The analysis is based on data collected in a large scale data survey in secondary schools in the Dutch-speaking northern part of Belgium: the Student Employment Survey (SES). The SES aims for a representative picture of the work done by adolescent students who are in the second and third grade of secondary education (i.e. year 3 to 6) and attending school full-time. Most of these pupils are between 14 and 18 years old (except for some who repeated a class). Students in part-time education thus fall outside the sample. Adolescents in special needs programmes or in the very small Arts track (2.2% of the school population) have not been included in the sampling frame.
In line with most educational research, respondents were indirectly sampled through their school. Practically and economically, it is more feasible to follow an indirect sampling strategy. An extra quality of indirect samples in schools is that unit non-response (of the higher unit) is not dependent on the characteristics of the respondent. The definite disadvantage is that respondents are clustered in schools. This problem becomes more serious when schools are larger than average (Lavallee 2007). We reduced clustering by decreasing the basic unit size in the sampling frame by dividing schools into smaller parts and making those the elementary units for sampling. The sampling frame was provided by the Flemish educational administration, and is based on data from the 2009-10 school year. Initially 60 units and 60 replacements were selected with a “probability proportional per size” sampling. The odds of a unit being selected thus depend on the number of students, so that every student has the same chance of being sampled. Of the sample, 26 initial units and 10 replacements agreed to participate.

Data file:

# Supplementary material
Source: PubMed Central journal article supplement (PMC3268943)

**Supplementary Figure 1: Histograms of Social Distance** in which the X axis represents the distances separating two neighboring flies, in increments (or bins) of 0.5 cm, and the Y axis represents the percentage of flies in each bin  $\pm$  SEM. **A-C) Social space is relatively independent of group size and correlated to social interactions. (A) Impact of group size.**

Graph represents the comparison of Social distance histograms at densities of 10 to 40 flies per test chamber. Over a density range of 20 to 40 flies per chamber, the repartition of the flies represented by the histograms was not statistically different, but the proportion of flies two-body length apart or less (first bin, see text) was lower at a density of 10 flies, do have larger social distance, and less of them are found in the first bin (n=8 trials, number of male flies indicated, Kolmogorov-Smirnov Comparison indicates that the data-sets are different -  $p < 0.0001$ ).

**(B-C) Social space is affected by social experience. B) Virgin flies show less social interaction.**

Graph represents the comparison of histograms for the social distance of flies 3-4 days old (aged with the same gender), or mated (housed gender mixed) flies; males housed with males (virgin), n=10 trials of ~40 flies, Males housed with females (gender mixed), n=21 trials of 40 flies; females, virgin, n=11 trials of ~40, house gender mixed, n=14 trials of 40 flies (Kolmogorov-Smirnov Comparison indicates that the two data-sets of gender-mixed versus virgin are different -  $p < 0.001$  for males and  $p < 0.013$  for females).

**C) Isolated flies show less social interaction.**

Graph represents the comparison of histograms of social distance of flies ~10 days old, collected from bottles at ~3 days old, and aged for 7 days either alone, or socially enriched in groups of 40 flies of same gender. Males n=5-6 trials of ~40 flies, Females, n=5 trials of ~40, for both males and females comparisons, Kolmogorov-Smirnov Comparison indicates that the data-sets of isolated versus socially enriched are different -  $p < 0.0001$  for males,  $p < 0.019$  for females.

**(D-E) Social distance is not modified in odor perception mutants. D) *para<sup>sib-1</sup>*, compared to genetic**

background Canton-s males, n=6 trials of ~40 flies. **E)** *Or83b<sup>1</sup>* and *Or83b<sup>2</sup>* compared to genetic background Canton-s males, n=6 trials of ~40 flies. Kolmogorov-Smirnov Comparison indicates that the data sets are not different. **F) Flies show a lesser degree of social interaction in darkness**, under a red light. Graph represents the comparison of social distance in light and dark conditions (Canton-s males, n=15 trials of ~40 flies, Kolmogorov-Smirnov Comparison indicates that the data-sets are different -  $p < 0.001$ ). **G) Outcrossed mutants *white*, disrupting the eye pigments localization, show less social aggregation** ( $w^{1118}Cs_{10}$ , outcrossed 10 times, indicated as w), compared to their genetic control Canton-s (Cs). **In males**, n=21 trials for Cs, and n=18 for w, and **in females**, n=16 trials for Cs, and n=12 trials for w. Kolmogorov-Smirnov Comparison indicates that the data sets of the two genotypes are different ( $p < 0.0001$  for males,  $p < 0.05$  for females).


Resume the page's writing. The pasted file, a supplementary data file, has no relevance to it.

The data were collected through written questionnaires from November 2010 to January 2011. Usually, the questionnaires were filled out in the classroom under the supervision of a school teacher, but some schools chose to assemble all the students in one place. Eventually 4,018 respondents filled out the questionnaire. Because the distribution of this response does not entirely reflect the population, a weighting was carried out on the two central variables of class year and educational track (for more information about these matters, see Adriaenssens et al. 2014).